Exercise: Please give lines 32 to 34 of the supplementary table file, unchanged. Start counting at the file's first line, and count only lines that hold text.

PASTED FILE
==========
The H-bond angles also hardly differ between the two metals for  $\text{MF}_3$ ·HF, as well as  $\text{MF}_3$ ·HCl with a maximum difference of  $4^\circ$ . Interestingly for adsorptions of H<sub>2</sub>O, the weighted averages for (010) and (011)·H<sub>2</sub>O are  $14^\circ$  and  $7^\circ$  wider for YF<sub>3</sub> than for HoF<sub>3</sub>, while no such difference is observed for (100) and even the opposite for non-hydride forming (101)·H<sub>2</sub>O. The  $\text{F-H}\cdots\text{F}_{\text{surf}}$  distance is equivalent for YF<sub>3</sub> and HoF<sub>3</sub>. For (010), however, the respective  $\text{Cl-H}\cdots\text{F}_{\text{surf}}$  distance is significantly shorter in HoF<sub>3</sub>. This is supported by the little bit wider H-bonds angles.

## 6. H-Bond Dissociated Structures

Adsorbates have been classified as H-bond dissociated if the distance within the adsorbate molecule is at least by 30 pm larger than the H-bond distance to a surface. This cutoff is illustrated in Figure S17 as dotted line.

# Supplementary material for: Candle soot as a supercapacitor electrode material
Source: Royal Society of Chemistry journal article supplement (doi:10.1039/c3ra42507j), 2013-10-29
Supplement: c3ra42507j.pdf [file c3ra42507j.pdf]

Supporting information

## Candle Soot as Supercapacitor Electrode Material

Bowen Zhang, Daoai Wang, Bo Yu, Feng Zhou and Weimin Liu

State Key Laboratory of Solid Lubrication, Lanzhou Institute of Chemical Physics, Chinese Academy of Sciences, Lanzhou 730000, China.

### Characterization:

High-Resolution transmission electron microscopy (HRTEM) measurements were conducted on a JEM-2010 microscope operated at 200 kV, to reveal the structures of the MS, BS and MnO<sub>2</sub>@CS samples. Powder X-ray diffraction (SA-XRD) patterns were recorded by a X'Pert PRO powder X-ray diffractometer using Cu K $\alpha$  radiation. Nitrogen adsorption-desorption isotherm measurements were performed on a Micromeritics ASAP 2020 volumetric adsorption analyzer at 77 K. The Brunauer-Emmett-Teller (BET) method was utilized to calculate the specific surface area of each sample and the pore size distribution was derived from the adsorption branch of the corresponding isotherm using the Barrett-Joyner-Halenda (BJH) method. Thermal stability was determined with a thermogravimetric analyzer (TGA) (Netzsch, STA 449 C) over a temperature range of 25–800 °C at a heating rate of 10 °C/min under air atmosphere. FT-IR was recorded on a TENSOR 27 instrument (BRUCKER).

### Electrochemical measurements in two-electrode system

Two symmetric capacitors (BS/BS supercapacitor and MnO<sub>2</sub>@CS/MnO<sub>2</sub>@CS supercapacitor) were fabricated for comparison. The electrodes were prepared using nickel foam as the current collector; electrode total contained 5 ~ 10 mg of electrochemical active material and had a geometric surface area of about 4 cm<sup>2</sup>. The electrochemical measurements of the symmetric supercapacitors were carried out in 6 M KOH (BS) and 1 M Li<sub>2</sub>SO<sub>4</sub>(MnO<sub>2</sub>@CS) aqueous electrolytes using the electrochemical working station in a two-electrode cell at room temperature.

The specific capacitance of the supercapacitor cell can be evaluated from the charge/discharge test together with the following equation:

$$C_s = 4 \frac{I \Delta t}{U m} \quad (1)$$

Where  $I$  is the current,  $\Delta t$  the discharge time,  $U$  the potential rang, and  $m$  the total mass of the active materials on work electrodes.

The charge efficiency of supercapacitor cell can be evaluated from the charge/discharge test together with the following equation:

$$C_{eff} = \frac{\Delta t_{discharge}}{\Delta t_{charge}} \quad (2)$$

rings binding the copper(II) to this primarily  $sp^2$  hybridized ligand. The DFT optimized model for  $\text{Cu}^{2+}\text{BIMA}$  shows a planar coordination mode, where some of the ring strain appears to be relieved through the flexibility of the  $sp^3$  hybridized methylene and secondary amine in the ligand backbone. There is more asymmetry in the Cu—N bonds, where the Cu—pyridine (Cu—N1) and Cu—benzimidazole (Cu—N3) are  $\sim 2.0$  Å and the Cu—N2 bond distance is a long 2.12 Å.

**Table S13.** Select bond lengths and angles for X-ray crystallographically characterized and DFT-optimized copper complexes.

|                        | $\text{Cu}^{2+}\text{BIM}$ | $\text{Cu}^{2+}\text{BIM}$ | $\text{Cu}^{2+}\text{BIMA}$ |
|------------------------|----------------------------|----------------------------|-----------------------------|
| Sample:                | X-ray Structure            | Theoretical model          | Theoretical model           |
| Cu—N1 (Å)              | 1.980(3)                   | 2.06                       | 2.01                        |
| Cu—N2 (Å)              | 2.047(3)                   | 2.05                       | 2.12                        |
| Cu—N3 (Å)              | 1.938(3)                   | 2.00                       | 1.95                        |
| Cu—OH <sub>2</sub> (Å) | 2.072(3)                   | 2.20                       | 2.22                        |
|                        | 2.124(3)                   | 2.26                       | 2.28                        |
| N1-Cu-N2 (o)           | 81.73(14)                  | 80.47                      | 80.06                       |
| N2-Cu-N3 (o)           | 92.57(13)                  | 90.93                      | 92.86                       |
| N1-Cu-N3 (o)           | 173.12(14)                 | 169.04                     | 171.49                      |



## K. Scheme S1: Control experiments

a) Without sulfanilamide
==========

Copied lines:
| N1-Cu-N3 (o)           | 173.12(14)                 | 169.04                     | 171.49                      |



## K. Scheme S1: Control experiments

a) Without sulfanilamide